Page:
The future of jobs is now

At Davos this past January, the Fourth Industrial Revolution (technology) and its impact was top of mind. From fears of robots taking over and the end of privacy as we know it, with YCombinator experimenting with basic income, there still seems to be uncertainty on what will happen. I think a few things based on these sources:

  1. Technology has ALREADY changed us: Technology has changed the way in which we communicate, share, consume, and even think about the future. The lines between private and professional, work and home locations, and working and retirement age have been blurred. We have already changed, and therefore, our way of working has already changed.

  2. The changed nature of how to work means that corporations need to change their legacy business processes and technologies

The fundamental business processes and technologies that underpin most corporations were built upon the industrial nature of work: fixed time, locations, and labor. With those elements now made flexible, these processes and technologies break and are no longer valid. In order to even stay relevant, not to mention competitive, companies need to evaluate and re-invent their core ways of doing business.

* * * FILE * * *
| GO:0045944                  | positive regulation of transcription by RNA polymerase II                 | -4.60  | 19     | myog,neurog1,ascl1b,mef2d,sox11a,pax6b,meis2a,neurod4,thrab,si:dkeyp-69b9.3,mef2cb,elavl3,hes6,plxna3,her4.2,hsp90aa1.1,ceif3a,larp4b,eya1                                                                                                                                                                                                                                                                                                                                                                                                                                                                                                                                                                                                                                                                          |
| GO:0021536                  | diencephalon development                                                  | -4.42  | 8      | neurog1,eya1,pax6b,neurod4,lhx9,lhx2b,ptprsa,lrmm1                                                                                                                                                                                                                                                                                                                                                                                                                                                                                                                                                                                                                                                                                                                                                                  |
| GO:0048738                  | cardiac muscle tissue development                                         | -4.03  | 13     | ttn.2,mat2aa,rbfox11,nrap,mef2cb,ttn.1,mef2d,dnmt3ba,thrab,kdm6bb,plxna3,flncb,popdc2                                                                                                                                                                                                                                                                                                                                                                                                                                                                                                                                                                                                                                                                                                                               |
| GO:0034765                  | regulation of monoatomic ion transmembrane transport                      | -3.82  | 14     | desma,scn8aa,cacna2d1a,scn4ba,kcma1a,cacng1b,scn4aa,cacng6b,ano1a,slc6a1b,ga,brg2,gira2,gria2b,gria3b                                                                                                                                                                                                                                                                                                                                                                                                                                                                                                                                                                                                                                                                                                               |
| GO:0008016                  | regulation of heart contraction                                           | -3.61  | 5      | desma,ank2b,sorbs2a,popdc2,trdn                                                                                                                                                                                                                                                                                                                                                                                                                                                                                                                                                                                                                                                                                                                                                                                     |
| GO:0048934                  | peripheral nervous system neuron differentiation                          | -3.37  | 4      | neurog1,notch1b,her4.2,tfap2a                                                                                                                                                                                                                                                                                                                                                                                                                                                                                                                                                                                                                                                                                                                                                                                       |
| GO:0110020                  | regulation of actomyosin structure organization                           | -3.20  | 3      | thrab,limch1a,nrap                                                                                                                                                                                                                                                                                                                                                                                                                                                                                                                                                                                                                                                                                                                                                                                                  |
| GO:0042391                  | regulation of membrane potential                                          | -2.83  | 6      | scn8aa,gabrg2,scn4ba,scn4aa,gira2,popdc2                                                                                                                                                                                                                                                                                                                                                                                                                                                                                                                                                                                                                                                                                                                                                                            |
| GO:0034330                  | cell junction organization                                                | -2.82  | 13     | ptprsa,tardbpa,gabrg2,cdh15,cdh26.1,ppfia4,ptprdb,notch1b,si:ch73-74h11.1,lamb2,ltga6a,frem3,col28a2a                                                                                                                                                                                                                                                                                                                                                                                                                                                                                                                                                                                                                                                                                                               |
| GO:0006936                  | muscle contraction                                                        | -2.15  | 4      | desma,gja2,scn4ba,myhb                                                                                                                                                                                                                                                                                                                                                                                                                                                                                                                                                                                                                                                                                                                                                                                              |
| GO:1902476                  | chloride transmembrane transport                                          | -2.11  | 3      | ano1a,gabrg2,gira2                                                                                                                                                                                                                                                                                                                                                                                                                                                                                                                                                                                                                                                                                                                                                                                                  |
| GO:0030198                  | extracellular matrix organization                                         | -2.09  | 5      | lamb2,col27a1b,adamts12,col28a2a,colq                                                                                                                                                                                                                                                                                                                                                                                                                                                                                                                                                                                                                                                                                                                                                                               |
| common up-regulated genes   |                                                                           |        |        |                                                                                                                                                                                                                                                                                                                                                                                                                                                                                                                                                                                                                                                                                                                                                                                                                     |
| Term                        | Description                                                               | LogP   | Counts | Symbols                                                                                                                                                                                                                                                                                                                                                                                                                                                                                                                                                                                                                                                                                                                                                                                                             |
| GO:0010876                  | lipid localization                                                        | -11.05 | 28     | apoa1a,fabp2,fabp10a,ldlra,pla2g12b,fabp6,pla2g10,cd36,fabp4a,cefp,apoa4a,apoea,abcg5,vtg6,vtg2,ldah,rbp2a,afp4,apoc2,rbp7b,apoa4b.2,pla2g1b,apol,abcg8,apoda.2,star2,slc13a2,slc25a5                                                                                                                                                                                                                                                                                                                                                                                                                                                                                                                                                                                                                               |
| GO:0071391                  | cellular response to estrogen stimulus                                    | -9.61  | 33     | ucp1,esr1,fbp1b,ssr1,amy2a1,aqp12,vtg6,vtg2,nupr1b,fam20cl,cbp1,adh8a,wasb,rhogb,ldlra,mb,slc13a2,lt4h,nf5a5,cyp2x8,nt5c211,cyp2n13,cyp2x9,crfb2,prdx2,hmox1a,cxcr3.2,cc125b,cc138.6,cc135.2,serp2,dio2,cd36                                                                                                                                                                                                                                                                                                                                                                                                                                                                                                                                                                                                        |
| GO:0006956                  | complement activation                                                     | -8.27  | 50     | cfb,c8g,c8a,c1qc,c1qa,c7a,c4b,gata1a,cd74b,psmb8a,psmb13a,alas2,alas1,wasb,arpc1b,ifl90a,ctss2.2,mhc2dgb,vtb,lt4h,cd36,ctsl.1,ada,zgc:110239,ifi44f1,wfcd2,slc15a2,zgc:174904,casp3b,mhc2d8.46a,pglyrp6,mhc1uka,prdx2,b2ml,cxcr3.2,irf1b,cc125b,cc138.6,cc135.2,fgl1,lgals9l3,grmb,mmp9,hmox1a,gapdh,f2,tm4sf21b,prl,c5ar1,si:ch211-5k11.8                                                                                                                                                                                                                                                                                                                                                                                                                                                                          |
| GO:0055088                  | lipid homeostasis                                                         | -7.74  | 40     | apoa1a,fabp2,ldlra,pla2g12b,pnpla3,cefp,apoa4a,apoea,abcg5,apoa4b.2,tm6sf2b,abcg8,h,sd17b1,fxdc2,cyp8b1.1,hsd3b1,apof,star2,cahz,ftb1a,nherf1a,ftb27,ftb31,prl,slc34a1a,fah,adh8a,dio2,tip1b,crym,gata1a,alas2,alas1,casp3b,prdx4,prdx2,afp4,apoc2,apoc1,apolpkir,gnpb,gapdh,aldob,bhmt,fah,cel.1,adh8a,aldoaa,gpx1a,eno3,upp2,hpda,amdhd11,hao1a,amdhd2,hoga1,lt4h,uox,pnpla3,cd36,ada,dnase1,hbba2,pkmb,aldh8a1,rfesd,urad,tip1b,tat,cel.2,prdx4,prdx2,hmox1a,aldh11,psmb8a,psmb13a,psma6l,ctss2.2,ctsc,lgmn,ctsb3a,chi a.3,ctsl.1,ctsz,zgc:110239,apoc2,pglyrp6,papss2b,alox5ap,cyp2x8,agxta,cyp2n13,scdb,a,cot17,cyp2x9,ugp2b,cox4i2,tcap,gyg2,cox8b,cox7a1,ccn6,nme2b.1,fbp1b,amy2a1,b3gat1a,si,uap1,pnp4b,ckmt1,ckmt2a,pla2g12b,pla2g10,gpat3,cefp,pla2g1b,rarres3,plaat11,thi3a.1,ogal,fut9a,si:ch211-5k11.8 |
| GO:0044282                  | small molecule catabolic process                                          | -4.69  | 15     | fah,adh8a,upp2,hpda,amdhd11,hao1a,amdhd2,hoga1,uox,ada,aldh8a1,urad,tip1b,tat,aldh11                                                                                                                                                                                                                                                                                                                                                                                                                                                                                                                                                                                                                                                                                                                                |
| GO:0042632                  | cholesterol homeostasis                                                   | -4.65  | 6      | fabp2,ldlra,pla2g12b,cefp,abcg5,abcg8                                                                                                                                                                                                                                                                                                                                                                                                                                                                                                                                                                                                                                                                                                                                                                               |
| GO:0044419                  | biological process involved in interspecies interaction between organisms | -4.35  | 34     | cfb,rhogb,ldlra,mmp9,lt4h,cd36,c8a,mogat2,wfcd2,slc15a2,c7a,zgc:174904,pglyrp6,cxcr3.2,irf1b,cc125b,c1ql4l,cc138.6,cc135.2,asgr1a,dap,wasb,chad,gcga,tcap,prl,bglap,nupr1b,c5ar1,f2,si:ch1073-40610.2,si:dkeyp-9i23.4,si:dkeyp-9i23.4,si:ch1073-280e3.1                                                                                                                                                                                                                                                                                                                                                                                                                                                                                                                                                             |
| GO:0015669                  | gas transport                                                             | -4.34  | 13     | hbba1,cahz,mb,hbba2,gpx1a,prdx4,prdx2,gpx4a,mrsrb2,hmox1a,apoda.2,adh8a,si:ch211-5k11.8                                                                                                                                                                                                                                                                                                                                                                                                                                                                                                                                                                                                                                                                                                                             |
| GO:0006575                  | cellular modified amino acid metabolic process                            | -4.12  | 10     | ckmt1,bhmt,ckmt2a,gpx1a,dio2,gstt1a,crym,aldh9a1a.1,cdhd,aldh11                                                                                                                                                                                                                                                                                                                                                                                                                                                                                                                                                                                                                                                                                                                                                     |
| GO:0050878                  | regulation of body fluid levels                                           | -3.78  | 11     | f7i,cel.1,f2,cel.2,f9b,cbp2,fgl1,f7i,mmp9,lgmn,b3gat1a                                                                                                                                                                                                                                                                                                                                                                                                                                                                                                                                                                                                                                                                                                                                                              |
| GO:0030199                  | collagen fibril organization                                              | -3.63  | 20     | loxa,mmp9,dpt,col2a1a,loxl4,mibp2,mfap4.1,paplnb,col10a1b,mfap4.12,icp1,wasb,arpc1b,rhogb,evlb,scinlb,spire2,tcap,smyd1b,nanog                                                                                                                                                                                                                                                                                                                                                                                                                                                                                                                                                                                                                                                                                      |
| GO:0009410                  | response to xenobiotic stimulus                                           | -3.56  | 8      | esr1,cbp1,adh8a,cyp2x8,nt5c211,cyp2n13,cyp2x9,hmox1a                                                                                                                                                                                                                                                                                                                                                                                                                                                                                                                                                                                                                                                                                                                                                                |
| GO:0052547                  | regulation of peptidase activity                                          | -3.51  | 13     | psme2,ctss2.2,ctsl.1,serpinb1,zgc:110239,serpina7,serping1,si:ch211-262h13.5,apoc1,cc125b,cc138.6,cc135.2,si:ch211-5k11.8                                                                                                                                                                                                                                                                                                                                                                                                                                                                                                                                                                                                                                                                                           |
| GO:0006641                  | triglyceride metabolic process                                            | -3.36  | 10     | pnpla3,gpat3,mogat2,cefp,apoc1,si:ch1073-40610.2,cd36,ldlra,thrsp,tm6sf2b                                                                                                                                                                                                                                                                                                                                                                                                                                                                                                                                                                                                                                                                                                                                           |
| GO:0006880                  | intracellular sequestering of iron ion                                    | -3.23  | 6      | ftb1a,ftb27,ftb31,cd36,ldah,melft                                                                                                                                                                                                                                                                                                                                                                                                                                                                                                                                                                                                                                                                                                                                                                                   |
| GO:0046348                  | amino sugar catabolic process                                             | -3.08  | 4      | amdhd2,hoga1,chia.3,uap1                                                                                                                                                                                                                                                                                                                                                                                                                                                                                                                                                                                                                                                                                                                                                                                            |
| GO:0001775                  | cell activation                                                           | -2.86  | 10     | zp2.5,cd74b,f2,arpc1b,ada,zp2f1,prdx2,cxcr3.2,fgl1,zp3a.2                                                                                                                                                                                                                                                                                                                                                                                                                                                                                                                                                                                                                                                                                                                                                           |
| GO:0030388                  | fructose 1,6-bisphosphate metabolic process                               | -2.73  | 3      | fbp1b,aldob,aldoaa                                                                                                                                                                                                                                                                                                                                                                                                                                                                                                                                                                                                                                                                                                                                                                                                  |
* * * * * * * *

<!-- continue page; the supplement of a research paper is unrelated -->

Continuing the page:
1. More emphasis on the individual's responsibility and entrepreneurial qualities

Because of the more unstructured nature of work, more priority will be given to optimizing an individual's ability to work given this environment. More latitude and responsibility will be given, and leaders that can manage this new corporate structure will need to be groomed.

  1. The robots aren't taking over! Automation may even increase jobs: a most excellent article here. Essentially automation produces cheaper services, which then increases demand for that particular service, which increases labor. Granted some labor will have to retrain with new skills on how to deal with technology, but on a macro level job creation may even be positive.

What I DO worry about is that despite these trends, there are still significant barriers to change. Around or more than half of the WEF Job Survey's respondents say that there is insufficient understanding of necessary changes AND resource constraints on making something happen.


This is a bit like saying that "we don't know what to do, and we don't have the money to see what to do". Instead, companies should allocate a small amount of resources, develop experiments on corporate innovation and how it impacts their companies, and learn and iterate from there.

Taavet Hinrikus, co-founder at Transferwise, said it best in his Medium post:

It struck me that we’ve reached the transition from early adopter to late majority. For the people who go to Davos to be discussing these issues means we’ve reached a moment of transformation.

This really is a tipping point for change to come.